Man-made tragedies and natural disasters come and go so quickly that we can barely keep track of them. Nothing could be worse that the combination of a natural disaster and a man-made disaster waiting to happen. I refer, of course, to the two major earthquakes in southern Turkey several weeks ago and the mass destruction that followed---now more than 45,000 deaths in Turkey alone, with many more still missing, more than 100,000 injured, almost 200,000 buildings destroyed, and millions left homeless.
Let me tell you about my strawberry jam making back in the summer of 1945. But, first some background. It was a bright sunny Saturday morning, and my parents had just left to attend the Wisconsin State Fair in West Allis in Milwaukee. They walked to the bus stop at the corner, took a city bus to West Racine, where they boarded the North Shore train for a 30-minute ride to Milwaukee where they took a streetcar ride for the half-dozen or more mile ride to West Allis. The occasion:. My Mom and Dad were off on a day-long trip as part of the celebration of their 25th wedding anniversary (they were married on July 5, 1920). This was big event because my Dad rarely took Mom anywhere, partly because we had not owned a car since probably 1942 when the 1932 DeSoto became a victim of a World War II scrap metal drive. In Milwaukee streetcars still ruled the streets and were heavily used because no new cars had been produced since 1941. In addition, during the war we had gasoline rationing that limited how much driving could be done. Because of the tremendous need for transportation to work and to downtown shopping, buses came and went very regularly and quite frequently to accommodate the many riders It was not until the late 1950's that the streetcar systems in the large cities were replaced by buses, partly on the grounds that the streetcars slowed auto traffic that was now booming with the renewal of auto production right after the end of World War II. But, back to the canning adventure now that you all know something about transportation during and after World War II.
Newspapers always played a central role in my life. As kids, we sprang to our feet at the thud of The Racine Journal-Times newspaper landing on the front porch. Whoever brought in the paper doled out the individual sheets so each of us (my two younger brothers and I) could read sprawled on the living room floor while my mother and older sister did the same sitting in our comfortable living room chairs.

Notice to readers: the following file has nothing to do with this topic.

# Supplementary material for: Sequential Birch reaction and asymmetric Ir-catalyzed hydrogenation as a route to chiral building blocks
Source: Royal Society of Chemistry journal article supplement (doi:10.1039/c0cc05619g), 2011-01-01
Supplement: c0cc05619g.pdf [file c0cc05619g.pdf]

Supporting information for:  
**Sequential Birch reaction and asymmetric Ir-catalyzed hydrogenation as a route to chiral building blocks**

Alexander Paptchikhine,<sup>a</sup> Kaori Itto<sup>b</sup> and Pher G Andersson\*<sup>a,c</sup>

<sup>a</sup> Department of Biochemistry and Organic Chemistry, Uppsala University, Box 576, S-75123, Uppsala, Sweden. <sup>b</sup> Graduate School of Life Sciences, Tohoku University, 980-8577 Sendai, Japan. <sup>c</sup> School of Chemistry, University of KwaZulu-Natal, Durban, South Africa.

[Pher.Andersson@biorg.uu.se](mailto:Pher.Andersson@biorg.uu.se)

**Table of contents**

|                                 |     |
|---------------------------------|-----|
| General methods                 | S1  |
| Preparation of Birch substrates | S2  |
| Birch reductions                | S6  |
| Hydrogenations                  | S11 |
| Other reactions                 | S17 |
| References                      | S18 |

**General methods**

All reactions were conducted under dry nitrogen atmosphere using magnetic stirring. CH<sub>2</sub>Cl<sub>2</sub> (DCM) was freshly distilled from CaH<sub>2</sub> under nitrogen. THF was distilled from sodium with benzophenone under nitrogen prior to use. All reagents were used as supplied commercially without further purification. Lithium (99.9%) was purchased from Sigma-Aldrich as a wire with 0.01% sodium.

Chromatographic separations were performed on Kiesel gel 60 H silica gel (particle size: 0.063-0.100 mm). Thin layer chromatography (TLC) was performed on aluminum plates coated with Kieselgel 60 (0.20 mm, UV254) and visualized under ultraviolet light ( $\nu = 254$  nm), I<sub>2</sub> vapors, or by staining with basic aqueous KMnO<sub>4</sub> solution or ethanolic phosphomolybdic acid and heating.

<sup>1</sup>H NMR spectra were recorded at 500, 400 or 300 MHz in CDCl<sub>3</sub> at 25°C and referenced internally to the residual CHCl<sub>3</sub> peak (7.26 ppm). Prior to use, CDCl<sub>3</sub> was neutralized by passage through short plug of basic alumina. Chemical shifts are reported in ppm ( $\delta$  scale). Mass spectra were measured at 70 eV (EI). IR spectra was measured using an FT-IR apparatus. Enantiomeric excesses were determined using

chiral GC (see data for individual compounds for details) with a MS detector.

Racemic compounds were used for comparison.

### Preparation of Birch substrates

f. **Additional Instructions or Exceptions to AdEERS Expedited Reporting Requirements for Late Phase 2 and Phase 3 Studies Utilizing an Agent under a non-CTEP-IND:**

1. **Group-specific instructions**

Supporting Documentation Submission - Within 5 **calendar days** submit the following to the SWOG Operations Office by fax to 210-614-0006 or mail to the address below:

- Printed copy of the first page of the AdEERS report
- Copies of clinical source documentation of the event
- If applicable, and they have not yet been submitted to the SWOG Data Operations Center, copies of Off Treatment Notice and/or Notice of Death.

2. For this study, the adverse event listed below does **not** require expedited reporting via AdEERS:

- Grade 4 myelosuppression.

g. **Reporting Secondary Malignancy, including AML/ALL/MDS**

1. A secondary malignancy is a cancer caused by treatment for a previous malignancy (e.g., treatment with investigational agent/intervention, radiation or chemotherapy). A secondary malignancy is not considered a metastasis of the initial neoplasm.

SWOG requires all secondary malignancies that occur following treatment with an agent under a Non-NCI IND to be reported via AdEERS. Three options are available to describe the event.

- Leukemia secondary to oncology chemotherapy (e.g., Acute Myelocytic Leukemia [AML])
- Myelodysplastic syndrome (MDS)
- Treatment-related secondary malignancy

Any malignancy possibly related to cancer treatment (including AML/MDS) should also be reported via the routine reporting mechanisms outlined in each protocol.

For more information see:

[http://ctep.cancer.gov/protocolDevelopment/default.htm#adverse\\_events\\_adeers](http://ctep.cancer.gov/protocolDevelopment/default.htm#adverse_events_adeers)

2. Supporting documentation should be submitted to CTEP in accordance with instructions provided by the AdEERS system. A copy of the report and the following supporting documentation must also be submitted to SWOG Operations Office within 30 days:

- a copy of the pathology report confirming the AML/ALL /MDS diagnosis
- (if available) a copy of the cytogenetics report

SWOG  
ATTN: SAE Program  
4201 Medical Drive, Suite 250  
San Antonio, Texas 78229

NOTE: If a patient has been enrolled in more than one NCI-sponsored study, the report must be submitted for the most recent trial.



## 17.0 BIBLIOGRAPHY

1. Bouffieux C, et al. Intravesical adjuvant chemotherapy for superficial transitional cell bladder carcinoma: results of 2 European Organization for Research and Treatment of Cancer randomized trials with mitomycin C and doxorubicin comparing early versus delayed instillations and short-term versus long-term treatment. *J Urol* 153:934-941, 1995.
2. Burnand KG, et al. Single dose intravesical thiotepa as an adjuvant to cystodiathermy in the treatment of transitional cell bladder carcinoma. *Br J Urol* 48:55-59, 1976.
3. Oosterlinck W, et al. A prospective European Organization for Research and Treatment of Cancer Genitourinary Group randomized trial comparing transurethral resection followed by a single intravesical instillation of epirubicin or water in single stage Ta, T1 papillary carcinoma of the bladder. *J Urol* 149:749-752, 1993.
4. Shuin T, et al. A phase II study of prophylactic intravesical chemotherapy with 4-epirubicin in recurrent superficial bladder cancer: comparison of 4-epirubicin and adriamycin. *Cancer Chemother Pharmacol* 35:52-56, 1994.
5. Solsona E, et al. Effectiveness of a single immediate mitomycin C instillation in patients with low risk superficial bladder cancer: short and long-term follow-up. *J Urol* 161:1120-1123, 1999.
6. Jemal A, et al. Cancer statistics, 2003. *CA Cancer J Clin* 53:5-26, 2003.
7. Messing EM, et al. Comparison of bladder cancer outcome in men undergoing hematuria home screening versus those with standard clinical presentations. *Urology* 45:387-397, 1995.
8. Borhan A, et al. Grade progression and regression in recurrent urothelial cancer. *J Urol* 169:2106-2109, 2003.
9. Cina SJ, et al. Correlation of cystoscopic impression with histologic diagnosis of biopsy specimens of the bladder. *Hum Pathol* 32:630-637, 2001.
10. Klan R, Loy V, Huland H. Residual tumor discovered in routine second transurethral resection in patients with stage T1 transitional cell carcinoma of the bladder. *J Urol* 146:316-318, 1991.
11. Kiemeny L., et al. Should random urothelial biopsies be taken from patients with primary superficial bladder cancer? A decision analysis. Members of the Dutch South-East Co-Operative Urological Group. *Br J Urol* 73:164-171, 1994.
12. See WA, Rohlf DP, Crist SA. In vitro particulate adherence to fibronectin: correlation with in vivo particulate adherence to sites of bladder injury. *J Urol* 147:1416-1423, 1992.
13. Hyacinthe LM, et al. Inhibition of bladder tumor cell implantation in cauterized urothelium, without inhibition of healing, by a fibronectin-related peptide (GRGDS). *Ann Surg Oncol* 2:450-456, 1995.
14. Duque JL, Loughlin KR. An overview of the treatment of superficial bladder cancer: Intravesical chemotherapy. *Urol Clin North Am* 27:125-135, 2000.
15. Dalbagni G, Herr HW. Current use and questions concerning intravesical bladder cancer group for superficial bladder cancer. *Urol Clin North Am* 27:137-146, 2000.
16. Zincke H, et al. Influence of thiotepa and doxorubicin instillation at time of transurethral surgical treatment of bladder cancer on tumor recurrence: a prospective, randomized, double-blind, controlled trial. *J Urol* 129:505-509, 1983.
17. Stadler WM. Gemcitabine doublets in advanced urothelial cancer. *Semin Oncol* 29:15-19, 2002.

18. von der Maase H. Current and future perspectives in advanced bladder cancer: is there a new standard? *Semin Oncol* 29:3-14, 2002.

Central to our newspaper reading was the “paperboy” who delivered the paper every day except Sunday and came to the house every Thursday afternoon to collect the weekly subscription fee. We kids all knew the paperboy and looked up to him. Secretly, we all aspired to become paperboys when we were older. It was the early 1940s, and these jobs offered a start in life for young boys whose early years had been scarred by the Great Depression.
About the Author
At age 92 I decided to showcase my recent and current writings on a variety of topics outside of my career interests as an economist. My wife Sally’s dementia, my experiences of war, and my interests in improving higher education all compel me to write.
For most of the last decade I maintained a low profile, necessitated by my wife Sally's suffering from a decade-long siege of vascular dementia. After she passed away several years ago I wrote about our experience, in the belief that this would be helpful to the many others who suffer from dementia and their family caregivers. I am currently seeking a publisher for my book manuscript: The Forgotten: Dementia and the Right to Die.
Over the past few years I began working on several other writing projects that are described more fully elsewhere in my blog. These include a nearly-completed book manuscript on my "expected proficiencies approach to the college major'' as a vehicle for reinvigorating liberal education. I continue to write on the shortcomings of UW-Madison's affirmative action policies and programs that over the years have been renamed "diversity and inclusion" policies and programs.
Within two weeks of my graduation from UW-Madison in June 1950, the Korean War broke out. I was drafted and expected to be sent to Korea to join our fighting forces there. But instead I was sent to Turkey for 18 months. How lucky I was. I am also writing a memoir of my Korean War military experience when I served as an U.S. Army adviser in our military aid program in Turkey.
Until I began branching out beyond economics, I failed to realize what a profound effect the Great Depression and World War II had on me as I grew up. I have already captured some of these recollections, with more of them to follow.
With that introduction, I turn you over to my blog entries as well as my other writing projects described more fully elsewhere in my blog. Best wishes ~ W. Lee Hansen
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Award-winning author W. Lee Hansen, Ph.D. is Professor Emeritus of Economics at the University of Wisconsin-Madison. Full bio.